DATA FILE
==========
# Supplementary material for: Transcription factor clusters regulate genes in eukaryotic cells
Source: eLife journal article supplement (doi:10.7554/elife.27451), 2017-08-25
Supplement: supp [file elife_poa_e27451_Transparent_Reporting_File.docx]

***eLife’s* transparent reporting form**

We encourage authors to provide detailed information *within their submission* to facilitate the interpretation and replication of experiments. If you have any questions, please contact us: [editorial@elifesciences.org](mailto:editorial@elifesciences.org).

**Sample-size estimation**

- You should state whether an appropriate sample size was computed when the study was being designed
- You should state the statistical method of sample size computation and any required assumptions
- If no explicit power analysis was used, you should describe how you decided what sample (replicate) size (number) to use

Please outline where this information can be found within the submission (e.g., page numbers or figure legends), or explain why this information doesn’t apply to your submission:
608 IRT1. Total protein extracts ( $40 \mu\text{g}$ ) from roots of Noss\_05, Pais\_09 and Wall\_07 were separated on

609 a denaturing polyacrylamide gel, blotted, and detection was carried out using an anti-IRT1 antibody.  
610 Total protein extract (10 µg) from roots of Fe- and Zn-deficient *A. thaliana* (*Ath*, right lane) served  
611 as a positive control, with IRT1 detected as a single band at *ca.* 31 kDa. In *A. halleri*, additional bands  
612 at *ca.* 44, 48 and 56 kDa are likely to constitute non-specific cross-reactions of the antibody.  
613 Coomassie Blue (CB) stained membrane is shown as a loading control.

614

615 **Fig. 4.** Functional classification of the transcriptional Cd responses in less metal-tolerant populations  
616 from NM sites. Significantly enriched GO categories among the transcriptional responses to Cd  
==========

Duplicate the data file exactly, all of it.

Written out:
# Supplementary material for: Transcription factor clusters regulate genes in eukaryotic cells
Source: eLife journal article supplement (doi:10.7554/elife.27451), 2017-08-25
Supplement: supp [file elife_poa_e27451_Transparent_Reporting_File.docx]

***eLife’s* transparent reporting form**

We encourage authors to provide detailed information *within their submission* to facilitate the interpretation and replication of experiments. If you have any questions, please contact us: [editorial@elifesciences.org](mailto:editorial@elifesciences.org).

**Sample-size estimation**

- You should state whether an appropriate sample size was computed when the study was being designed
- You should state the statistical method of sample size computation and any required assumptions
- If no explicit power analysis was used, you should describe how you decided what sample (replicate) size (number) to use

Please outline where this information can be found within the submission (e.g., page numbers or figure legends), or explain why this information doesn’t apply to your submission:
608 IRT1. Total protein extracts ( $40 \mu\text{g}$ ) from roots of Noss\_05, Pais\_09 and Wall\_07 were separated on

609 a denaturing polyacrylamide gel, blotted, and detection was carried out using an anti-IRT1 antibody.  
610 Total protein extract (10 µg) from roots of Fe- and Zn-deficient *A. thaliana* (*Ath*, right lane) served  
611 as a positive control, with IRT1 detected as a single band at *ca.* 31 kDa. In *A. halleri*, additional bands  
612 at *ca.* 44, 48 and 56 kDa are likely to constitute non-specific cross-reactions of the antibody.  
613 Coomassie Blue (CB) stained membrane is shown as a loading control.

614

615 **Fig. 4.** Functional classification of the transcriptional Cd responses in less metal-tolerant populations  
616 from NM sites. Significantly enriched GO categories among the transcriptional responses to Cd  